HOWTOAV explains how to distribute different AV Source Devices to different displays
As the number of AV devices increases in our homes (iPad, smart phone, Sky TV, PS3, Xbox, perhaps TV’s in more than one room) there is an increasing number of home entertainment systems becoming comparative to the multi-channel, multi-screen systems of the commercial AV industry.
The same principals and technologies can be applied to manage, control and distribute all these devices; both in commercial and residential AV applications.
Most TVs and commercial screens will be limited to just 2 on-board HDMI inputs.
But if we want to connect more HDMI devices (BluRay, Apple TV, Sky Box and PS3, for instance) without having to switch cables around when we want to switch devices, then a simple HDMI Switcher is going to provide the answer.
A 4-way HDMI Switcher has 4 HDMI inputs (to connect all 4 source devices) and a simple HDMI Output to connect to your display screen, projector or TV.
You can switch between source devices either from the buttons on the front of the unit, using an infrared remote controller, or in many cases your Switcher will support RS-232 control to integrate with third-party automation control systems such as Control4, Savant, Creston or AMX, for instance.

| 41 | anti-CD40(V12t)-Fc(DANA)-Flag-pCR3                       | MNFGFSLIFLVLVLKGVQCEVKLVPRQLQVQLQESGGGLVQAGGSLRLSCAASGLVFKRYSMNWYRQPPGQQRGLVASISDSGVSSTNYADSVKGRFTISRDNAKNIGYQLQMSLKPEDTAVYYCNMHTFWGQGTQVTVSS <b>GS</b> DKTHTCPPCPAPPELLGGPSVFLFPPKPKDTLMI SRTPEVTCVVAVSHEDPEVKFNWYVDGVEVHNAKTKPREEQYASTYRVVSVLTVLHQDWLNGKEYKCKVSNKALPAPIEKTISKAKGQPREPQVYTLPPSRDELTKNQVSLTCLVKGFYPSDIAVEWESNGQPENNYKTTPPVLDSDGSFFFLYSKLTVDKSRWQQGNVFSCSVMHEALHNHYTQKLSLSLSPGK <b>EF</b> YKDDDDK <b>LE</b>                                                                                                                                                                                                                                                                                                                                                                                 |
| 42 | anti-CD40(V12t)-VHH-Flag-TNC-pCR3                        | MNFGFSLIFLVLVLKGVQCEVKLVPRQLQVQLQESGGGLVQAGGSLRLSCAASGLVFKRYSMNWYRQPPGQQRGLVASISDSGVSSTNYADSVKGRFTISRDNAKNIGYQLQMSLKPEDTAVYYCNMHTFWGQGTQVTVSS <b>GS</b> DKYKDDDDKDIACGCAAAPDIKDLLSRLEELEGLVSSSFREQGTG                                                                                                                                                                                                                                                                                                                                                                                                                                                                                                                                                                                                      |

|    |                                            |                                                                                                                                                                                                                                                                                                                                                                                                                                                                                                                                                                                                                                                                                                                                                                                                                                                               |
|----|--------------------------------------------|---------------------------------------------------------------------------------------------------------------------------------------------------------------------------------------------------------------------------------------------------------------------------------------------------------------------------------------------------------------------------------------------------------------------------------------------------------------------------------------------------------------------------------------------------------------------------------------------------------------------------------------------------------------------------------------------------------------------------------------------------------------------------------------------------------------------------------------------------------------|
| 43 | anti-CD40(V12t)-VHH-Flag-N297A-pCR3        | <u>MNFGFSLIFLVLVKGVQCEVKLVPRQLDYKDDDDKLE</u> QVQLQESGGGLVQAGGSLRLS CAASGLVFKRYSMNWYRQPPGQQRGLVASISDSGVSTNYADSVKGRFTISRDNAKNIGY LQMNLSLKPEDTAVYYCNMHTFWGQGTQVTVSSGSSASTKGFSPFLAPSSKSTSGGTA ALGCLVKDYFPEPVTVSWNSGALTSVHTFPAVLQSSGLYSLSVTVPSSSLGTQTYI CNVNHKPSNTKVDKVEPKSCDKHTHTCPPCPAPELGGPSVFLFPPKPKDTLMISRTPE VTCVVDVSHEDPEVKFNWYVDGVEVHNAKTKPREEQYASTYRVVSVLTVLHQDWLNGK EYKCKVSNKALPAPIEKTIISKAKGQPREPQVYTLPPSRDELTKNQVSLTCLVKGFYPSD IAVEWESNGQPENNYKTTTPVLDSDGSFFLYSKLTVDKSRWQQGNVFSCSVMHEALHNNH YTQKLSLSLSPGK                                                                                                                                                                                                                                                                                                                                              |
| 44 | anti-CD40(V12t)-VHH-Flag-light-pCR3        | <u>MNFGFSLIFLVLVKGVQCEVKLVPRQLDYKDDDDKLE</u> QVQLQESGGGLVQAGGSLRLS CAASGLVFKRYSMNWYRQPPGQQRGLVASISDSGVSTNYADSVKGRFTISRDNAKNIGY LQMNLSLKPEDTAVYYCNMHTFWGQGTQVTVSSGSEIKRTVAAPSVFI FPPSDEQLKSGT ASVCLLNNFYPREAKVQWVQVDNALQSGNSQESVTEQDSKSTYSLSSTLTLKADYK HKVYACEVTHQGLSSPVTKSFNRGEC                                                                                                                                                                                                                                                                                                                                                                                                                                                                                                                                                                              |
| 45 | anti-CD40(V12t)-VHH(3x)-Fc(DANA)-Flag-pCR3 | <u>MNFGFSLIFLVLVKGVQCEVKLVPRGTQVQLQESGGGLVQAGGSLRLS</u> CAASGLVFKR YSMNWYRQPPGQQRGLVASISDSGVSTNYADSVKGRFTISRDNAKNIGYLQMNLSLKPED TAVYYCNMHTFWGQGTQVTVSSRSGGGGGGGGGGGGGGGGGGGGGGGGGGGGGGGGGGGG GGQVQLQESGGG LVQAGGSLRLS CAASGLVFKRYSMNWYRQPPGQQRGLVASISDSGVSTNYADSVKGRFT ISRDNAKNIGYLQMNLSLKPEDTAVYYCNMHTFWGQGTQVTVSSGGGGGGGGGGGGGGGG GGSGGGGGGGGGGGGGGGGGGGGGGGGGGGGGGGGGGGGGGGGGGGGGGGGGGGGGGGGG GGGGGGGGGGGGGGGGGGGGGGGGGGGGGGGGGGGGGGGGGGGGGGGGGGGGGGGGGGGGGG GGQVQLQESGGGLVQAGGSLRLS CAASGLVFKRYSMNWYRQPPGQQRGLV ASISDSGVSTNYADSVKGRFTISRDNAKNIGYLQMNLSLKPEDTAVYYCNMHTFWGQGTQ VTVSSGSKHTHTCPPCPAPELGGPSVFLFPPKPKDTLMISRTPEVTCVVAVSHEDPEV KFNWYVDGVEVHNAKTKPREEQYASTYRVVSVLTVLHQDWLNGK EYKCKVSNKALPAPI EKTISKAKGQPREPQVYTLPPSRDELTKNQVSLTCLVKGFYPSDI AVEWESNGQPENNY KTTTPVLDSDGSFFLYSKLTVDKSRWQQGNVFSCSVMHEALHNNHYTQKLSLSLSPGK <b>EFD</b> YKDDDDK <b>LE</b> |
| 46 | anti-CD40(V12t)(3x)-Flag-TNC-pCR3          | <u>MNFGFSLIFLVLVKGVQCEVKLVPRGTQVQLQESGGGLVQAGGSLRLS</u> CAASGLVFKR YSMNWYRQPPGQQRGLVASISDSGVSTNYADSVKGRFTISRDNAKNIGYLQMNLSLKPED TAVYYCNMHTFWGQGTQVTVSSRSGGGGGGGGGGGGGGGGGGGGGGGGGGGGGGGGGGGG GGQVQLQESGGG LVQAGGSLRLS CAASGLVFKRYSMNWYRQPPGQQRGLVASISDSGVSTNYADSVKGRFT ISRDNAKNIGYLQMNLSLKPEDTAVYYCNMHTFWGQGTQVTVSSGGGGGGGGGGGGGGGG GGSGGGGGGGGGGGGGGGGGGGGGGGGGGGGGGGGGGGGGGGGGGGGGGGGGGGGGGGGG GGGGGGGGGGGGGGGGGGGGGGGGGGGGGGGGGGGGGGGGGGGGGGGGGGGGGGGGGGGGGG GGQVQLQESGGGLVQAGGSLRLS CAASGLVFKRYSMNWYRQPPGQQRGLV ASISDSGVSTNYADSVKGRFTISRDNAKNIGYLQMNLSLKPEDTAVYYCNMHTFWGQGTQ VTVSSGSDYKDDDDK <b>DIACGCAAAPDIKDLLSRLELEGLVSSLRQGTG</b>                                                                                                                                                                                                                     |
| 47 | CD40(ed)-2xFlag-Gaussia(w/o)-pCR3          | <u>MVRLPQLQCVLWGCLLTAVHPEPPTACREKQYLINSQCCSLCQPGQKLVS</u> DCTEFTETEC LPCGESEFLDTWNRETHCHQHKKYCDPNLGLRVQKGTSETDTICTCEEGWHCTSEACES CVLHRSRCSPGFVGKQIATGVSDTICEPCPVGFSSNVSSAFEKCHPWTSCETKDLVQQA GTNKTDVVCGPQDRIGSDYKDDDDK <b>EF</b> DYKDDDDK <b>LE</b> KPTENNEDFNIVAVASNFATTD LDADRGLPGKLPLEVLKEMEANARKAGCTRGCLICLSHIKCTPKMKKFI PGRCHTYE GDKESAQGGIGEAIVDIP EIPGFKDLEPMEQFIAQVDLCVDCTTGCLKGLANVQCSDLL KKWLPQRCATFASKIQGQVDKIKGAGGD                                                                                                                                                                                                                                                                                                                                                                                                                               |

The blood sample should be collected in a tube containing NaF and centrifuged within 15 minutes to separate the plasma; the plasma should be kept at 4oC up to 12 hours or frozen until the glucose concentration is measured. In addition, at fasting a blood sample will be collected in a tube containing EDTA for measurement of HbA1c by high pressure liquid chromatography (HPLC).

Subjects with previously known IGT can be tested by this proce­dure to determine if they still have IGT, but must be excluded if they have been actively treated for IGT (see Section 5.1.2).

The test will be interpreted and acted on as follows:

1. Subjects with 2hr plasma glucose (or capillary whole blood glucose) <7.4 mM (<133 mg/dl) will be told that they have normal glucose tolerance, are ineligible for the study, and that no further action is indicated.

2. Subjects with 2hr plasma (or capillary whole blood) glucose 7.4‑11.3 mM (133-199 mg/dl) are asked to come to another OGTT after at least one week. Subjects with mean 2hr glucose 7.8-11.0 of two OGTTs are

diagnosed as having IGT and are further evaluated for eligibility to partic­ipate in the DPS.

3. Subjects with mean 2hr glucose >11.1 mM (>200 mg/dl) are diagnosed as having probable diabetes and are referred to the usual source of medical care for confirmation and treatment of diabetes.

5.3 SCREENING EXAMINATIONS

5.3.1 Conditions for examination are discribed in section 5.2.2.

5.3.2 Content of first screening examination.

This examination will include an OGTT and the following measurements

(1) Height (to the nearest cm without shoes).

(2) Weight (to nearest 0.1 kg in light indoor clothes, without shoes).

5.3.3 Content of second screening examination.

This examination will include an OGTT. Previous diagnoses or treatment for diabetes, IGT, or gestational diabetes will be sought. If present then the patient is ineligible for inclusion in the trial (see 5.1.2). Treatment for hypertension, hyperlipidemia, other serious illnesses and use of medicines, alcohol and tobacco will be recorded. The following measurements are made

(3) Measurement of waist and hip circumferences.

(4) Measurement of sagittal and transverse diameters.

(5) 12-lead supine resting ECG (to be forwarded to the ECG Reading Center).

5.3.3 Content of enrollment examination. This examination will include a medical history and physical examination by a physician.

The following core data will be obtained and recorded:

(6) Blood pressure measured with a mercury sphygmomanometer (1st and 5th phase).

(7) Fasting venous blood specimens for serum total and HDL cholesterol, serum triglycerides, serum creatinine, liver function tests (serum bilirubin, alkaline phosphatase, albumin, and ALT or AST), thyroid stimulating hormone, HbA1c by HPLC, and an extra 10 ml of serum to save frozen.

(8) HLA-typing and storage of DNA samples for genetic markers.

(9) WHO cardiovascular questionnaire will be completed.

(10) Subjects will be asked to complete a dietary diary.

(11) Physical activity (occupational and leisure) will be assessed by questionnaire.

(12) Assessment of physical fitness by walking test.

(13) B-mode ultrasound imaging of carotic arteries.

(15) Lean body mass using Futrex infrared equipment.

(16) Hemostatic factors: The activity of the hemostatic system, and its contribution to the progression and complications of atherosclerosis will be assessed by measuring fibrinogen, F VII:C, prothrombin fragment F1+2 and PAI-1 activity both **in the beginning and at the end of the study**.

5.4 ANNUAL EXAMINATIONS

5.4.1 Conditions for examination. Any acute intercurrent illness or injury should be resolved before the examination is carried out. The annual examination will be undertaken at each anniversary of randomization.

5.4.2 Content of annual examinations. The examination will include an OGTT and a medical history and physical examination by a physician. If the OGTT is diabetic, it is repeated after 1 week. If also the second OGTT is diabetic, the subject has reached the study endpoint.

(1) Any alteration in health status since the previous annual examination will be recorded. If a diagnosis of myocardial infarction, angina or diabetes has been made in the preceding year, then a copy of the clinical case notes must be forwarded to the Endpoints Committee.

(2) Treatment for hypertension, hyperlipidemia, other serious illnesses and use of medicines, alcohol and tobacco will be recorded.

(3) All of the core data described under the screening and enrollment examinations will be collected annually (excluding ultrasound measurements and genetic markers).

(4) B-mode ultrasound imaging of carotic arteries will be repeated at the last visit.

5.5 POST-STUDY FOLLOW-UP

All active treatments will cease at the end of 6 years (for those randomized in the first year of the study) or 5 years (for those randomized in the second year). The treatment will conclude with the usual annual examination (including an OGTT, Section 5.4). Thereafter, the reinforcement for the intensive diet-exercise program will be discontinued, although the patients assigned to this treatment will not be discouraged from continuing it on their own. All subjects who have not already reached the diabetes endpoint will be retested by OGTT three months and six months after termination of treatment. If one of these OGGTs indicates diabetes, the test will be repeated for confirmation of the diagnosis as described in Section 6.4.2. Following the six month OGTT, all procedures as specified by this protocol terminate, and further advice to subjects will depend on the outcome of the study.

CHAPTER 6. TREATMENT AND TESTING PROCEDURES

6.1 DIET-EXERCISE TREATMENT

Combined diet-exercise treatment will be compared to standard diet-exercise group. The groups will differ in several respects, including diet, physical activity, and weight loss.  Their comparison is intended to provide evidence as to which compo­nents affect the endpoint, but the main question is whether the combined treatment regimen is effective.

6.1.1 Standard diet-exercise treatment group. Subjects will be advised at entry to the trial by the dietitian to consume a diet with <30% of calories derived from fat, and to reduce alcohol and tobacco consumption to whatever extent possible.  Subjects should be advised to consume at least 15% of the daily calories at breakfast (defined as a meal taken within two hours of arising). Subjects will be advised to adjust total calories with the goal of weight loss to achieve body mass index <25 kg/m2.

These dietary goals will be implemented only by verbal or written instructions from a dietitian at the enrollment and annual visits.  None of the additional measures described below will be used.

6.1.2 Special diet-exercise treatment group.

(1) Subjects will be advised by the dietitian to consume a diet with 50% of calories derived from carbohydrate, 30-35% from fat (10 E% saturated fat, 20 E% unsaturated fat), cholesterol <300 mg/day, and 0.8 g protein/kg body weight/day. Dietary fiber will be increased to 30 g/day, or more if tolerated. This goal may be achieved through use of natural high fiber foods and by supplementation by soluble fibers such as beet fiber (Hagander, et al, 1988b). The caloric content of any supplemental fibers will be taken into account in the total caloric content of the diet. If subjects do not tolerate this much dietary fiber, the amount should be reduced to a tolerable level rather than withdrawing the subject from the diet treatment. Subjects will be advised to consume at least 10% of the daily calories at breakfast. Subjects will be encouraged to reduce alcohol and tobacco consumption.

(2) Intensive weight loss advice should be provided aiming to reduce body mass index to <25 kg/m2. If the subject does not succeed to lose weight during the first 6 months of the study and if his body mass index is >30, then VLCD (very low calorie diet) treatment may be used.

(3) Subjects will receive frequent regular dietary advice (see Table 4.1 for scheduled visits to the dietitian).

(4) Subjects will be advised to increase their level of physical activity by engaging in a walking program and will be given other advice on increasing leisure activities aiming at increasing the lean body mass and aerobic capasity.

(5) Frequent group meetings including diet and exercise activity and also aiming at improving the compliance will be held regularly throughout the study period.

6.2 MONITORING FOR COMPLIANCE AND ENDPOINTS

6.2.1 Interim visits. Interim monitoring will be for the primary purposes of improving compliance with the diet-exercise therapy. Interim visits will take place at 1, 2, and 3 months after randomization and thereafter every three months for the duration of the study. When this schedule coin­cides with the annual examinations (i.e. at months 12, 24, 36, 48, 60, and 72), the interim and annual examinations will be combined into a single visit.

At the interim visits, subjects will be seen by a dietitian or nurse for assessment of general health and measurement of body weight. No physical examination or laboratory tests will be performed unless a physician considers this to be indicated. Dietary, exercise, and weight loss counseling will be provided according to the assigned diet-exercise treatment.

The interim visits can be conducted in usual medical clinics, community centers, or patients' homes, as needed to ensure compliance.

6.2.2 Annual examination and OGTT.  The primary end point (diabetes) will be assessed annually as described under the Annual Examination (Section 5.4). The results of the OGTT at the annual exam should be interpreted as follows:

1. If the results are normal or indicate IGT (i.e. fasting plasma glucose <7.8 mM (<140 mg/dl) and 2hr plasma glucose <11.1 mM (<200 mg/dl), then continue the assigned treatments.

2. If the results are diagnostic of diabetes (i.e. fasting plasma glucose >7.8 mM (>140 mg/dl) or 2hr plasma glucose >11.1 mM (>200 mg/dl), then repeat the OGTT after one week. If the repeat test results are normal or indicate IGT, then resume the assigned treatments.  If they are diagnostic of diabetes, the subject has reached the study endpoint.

If there are multiple source devices and multiple output displays in the same system, this now requires an AV Matrix.
An AV Matrix allows us to simultaneously connect a number source devices to a number of display devices; and quickly and easily switch which source we wish to display on each screen. (suchas BluRay to screen 1, AppleTV to screen 2, Xbox to screen 3, etc.)
Alternatively, an AV Matrix will allow the same device to show on multiple screens. Or one of the source devices can be displayed simultaneously to all 8 outputs.
As the requirement to control more and more deivces continues to increase; with a wide range of signals, you’ll now find professional Matrix products on the market with anything up to 32 inputs and outputs. This can control not just HDMI, but also other AV standards such as VGA, DVI and SDI.
AV signals can now be transmitted over greater distances using the emerging HDBaseT technology. HDBaseT Matrices are now becoming commonplace for commericial and residential multiple AV singal distribution.
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